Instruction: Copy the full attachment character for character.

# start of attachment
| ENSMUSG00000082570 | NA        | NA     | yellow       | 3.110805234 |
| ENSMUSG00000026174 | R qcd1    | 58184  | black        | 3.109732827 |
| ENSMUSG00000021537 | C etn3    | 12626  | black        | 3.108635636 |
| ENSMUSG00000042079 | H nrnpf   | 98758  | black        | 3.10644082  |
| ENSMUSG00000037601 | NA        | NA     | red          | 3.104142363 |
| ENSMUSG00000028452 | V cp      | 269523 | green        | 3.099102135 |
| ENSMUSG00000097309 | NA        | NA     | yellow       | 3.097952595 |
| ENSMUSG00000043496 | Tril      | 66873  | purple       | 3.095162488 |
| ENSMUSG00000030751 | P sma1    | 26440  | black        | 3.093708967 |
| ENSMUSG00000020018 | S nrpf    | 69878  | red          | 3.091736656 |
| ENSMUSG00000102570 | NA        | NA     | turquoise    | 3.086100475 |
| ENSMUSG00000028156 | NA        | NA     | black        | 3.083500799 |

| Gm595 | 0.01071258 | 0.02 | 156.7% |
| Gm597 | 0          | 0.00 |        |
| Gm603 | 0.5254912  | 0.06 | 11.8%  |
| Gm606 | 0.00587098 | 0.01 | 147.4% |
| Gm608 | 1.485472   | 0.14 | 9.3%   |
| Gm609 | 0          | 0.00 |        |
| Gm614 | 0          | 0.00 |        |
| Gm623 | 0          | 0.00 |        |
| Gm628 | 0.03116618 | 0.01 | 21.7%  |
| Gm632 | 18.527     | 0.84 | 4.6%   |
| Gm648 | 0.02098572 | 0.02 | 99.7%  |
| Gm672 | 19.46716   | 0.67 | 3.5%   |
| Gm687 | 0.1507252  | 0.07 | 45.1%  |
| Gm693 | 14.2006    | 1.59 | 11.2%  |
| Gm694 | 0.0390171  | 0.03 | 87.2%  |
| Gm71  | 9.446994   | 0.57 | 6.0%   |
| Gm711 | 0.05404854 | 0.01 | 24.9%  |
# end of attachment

| ENSMUSG00000082570 | NA        | NA     | yellow       | 3.110805234 |
| ENSMUSG00000026174 | R qcd1    | 58184  | black        | 3.109732827 |
| ENSMUSG00000021537 | C etn3    | 12626  | black        | 3.108635636 |
| ENSMUSG00000042079 | H nrnpf   | 98758  | black        | 3.10644082  |
| ENSMUSG00000037601 | NA        | NA     | red          | 3.104142363 |
| ENSMUSG00000028452 | V cp      | 269523 | green        | 3.099102135 |
| ENSMUSG00000097309 | NA        | NA     | yellow       | 3.097952595 |
| ENSMUSG00000043496 | Tril      | 66873  | purple       | 3.095162488 |
| ENSMUSG00000030751 | P sma1    | 26440  | black        | 3.093708967 |
| ENSMUSG00000020018 | S nrpf    | 69878  | red          | 3.091736656 |
| ENSMUSG00000102570 | NA        | NA     | turquoise    | 3.086100475 |
| ENSMUSG00000028156 | NA        | NA     | black        | 3.083500799 |

| Gm595 | 0.01071258 | 0.02 | 156.7% |
| Gm597 | 0          | 0.00 |        |
| Gm603 | 0.5254912  | 0.06 | 11.8%  |
| Gm606 | 0.00587098 | 0.01 | 147.4% |
| Gm608 | 1.485472   | 0.14 | 9.3%   |
| Gm609 | 0          | 0.00 |        |
| Gm614 | 0          | 0.00 |        |
| Gm623 | 0          | 0.00 |        |
| Gm628 | 0.03116618 | 0.01 | 21.7%  |
| Gm632 | 18.527     | 0.84 | 4.6%   |
| Gm648 | 0.02098572 | 0.02 | 99.7%  |
| Gm672 | 19.46716   | 0.67 | 3.5%   |
| Gm687 | 0.1507252  | 0.07 | 45.1%  |
| Gm693 | 14.2006    | 1.59 | 11.2%  |
| Gm694 | 0.0390171  | 0.03 | 87.2%  |
| Gm71  | 9.446994   | 0.57 | 6.0%   |
| Gm711 | 0.05404854 | 0.01 | 24.9%  |